Security researchers at WithSecure, the company formerly known as F-Secure, have published details of a potentially dangerous vulnerability in Microsoft Office 365 Message Encryption (OME) that could expose the contents of users’ emails to a threat actor if left unmitigated.
OME is used by organisations to send encrypted emails both internally and externally. It uses the Electronic Codebook (ECB) encryption implementation, but according to WithSecure consultant and security researcher Harry Sintonen, this mode of operation leaks certain structural information about messages.
This is because it encrypts each cipher block individually with repeating blocks of the clear text message mapping to the same cipher text blocks each time – which means that while the actual clear text cannot be revealed directly, information about the structure of the message can be.
The result of this, claims Sintonen, is that a threat actor who has been able to get their hands on enough OME emails could use this information to either partially or fully infer the actual contents of messages. This would be done by analysing the location and frequency of repeated patterns in the individual messages, and then matching those to other OME emails and files.
“More emails make this process easier and more accurate, so it’s something attackers can perform after getting their hands on email archives stolen during a data breach, or by breaking into someone’s email account, email server or gaining access to backups,” said Sintonen, who discovered the problem in January 2022 and promptly reported it through Microsoft’s bug bounty programme.
Sintonen added that this pattern analysis can be done offline, making it even easier for an attacker to compare against backlogs or archives of previous messages. Nor would an attacker need knowledge of the encryption keys, making use of a Bring Your Own Encryption/Key (BYOE/K) service no defence at all.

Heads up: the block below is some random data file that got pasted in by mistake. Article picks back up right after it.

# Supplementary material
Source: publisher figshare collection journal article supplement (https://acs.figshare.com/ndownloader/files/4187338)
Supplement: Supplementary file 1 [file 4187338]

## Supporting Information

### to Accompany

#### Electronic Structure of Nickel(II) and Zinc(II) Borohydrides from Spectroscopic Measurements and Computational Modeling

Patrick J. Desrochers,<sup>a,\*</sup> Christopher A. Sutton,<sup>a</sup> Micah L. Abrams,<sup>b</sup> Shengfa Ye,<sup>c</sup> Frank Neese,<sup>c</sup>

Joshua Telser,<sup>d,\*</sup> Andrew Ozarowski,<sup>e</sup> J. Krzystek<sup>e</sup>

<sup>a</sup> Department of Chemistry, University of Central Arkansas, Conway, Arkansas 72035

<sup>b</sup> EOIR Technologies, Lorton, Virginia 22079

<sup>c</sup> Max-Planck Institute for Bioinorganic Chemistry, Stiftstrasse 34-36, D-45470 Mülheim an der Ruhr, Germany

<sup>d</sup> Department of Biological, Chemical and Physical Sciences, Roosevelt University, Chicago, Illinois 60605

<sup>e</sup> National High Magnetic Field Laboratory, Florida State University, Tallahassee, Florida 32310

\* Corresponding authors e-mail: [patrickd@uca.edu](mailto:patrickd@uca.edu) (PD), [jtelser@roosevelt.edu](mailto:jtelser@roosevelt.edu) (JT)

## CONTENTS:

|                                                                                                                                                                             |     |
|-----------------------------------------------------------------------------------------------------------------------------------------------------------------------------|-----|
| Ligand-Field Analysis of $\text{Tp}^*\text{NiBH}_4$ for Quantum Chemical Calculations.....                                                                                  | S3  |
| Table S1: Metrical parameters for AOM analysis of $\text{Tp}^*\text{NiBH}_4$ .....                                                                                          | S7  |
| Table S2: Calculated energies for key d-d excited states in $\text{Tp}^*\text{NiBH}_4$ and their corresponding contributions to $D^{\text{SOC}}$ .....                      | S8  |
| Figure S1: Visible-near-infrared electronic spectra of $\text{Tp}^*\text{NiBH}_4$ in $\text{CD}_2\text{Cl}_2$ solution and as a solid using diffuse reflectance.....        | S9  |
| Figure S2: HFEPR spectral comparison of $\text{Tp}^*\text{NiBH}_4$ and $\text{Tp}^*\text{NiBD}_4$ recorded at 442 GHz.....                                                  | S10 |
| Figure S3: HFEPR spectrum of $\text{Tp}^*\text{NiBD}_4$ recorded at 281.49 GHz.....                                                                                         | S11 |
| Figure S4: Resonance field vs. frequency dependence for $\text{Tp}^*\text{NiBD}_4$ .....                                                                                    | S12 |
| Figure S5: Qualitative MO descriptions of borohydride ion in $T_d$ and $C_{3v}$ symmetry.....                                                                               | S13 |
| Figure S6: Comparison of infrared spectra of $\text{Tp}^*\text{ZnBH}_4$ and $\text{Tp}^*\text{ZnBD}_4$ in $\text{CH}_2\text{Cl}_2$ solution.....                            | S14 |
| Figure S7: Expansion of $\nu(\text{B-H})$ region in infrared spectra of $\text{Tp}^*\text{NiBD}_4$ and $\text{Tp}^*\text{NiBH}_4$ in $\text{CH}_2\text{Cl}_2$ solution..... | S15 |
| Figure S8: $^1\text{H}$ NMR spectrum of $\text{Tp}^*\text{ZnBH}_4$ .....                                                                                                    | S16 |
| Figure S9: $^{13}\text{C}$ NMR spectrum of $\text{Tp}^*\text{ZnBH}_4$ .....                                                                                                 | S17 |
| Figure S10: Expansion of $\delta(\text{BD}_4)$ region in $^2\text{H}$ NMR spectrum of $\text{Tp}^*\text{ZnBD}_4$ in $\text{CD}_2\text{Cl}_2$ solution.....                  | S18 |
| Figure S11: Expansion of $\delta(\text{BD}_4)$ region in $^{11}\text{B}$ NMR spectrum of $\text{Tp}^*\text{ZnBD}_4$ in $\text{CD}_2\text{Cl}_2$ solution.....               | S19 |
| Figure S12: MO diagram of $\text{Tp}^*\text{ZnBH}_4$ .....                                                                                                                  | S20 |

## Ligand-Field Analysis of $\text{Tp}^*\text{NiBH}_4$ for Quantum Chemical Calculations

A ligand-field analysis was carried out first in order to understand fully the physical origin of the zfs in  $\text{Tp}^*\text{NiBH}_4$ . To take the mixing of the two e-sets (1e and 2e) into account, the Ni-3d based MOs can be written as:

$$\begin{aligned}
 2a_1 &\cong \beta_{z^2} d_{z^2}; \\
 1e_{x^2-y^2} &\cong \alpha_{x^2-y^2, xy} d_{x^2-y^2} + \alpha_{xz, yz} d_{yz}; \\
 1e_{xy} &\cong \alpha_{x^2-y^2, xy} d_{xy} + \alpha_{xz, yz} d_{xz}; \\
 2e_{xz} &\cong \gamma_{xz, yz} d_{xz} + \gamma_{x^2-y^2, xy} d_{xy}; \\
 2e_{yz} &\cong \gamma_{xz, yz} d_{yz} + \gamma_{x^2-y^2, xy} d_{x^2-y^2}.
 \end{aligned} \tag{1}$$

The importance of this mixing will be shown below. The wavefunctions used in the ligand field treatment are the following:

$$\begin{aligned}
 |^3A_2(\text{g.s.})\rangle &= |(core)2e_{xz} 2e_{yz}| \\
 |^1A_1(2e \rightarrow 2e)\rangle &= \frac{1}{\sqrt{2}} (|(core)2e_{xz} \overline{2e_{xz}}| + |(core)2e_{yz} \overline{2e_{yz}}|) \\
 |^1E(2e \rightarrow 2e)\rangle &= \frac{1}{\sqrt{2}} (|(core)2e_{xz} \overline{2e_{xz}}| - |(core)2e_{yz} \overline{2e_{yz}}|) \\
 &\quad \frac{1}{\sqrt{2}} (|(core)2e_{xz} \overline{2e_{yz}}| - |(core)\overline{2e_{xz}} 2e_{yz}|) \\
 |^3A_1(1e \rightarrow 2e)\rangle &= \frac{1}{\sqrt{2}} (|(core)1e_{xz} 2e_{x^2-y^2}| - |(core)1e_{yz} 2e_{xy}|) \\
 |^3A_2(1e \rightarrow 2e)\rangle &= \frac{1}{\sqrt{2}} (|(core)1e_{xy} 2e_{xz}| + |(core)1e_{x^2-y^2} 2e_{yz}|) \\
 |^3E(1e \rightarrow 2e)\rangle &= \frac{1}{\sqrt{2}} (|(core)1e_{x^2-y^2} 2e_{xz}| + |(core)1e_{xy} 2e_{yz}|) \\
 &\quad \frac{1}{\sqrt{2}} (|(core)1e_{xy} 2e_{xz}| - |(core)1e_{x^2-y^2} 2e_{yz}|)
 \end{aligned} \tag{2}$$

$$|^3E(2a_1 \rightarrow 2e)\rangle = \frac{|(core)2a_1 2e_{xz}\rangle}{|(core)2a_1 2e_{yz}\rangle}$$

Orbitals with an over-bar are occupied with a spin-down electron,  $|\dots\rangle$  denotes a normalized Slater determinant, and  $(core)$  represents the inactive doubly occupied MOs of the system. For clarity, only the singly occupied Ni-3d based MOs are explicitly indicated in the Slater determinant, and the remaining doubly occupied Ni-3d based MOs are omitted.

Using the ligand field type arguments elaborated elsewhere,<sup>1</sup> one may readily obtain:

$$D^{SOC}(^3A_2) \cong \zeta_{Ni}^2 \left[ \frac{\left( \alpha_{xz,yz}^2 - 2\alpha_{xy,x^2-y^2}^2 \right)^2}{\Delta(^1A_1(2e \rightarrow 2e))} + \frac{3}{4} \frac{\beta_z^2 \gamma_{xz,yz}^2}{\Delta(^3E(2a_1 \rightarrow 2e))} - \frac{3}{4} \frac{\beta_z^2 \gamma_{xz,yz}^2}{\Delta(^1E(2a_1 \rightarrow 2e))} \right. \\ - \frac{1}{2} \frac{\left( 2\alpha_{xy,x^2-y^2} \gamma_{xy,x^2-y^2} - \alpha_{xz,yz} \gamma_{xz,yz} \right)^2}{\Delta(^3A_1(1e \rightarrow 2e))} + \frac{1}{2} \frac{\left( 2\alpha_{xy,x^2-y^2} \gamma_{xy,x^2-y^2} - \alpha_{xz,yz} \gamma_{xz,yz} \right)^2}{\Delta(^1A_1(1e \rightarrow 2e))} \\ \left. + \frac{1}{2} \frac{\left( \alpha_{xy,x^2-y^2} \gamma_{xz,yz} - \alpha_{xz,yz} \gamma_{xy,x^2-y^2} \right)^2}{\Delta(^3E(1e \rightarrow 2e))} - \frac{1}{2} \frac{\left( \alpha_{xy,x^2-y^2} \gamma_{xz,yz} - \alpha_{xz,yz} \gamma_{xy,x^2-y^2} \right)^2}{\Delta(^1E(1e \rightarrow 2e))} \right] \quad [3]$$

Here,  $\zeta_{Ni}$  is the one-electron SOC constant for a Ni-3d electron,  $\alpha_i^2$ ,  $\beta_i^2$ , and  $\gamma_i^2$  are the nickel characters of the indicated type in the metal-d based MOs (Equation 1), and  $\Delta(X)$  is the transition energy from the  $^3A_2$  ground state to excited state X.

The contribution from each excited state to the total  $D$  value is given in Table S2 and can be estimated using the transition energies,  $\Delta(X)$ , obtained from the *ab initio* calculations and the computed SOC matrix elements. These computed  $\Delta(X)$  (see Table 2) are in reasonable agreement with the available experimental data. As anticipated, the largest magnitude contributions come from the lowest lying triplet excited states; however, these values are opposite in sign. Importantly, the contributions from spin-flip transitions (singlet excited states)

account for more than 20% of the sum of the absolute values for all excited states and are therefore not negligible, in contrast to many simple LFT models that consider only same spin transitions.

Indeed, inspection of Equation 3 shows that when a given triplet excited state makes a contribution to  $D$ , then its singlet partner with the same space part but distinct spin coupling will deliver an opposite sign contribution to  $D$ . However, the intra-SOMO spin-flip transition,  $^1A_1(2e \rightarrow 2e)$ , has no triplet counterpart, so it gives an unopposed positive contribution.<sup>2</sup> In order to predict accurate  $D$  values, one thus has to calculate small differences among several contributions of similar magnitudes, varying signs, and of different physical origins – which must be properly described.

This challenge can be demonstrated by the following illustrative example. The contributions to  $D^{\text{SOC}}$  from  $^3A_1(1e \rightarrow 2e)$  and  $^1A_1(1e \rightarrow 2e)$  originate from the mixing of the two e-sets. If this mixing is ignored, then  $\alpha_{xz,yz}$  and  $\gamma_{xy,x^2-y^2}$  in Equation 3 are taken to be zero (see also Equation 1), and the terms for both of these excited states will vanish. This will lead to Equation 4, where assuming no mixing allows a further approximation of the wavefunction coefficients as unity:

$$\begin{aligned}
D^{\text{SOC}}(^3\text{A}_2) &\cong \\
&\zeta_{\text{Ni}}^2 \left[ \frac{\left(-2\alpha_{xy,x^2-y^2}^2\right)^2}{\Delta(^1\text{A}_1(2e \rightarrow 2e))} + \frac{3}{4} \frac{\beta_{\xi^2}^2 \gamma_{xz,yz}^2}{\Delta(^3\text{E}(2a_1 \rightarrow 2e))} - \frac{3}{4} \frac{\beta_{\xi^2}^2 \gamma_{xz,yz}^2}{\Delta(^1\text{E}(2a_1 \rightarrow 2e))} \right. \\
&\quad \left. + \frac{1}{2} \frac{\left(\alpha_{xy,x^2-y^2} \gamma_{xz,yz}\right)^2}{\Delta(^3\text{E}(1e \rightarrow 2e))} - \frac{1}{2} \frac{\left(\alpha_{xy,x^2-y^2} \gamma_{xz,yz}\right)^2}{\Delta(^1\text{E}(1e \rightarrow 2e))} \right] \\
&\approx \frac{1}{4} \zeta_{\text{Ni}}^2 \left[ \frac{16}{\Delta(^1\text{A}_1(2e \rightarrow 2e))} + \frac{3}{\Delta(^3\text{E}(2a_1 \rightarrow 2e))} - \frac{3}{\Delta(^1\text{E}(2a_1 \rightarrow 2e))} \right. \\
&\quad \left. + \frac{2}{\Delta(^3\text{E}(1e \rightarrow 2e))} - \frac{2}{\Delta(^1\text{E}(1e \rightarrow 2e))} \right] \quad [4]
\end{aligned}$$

Unfortunately, he added, this means there is no real way for organisations to stop an attacker who gets hold of their OME emails from decoding their contents via this method.
“Any organisation with personnel that used OME to encrypt emails are basically stuck with this problem. For some, such as those that have confidentiality requirements put into contracts or local regulations, this could create some issues,” said Sintonen.
“And then, of course, there’s questions about the impact this data could have in the event it’s actually stolen, which makes it a significant concern for organisations,” said Sintonen.
Sintonen added that depending on the contents of their emails, many organisations might need to consider the legal impact of the vulnerability, as it could lead to privacy impacts under regulations such as the EU or UK General Data Protection Regulation (GDPR) or the California Consumer Privacy Act (CCPA) to name but two.
At the time of writing, Microsoft has no known plans to implement mitigation measures or a fix for this issue. Redmond’s security team told WithSecure: “The report was not considered meeting the bar for security servicing, nor is it considered a breach. No code change was made and so no CVE was issued for this report.”
In light of this, should security teams deem this an addressable risk, the only actionable solution is to cease use of OME immediately, but as Sintonen pointed out, doing so does not mitigate the risk of an attacker gaining access to emails previously encrypted via the service.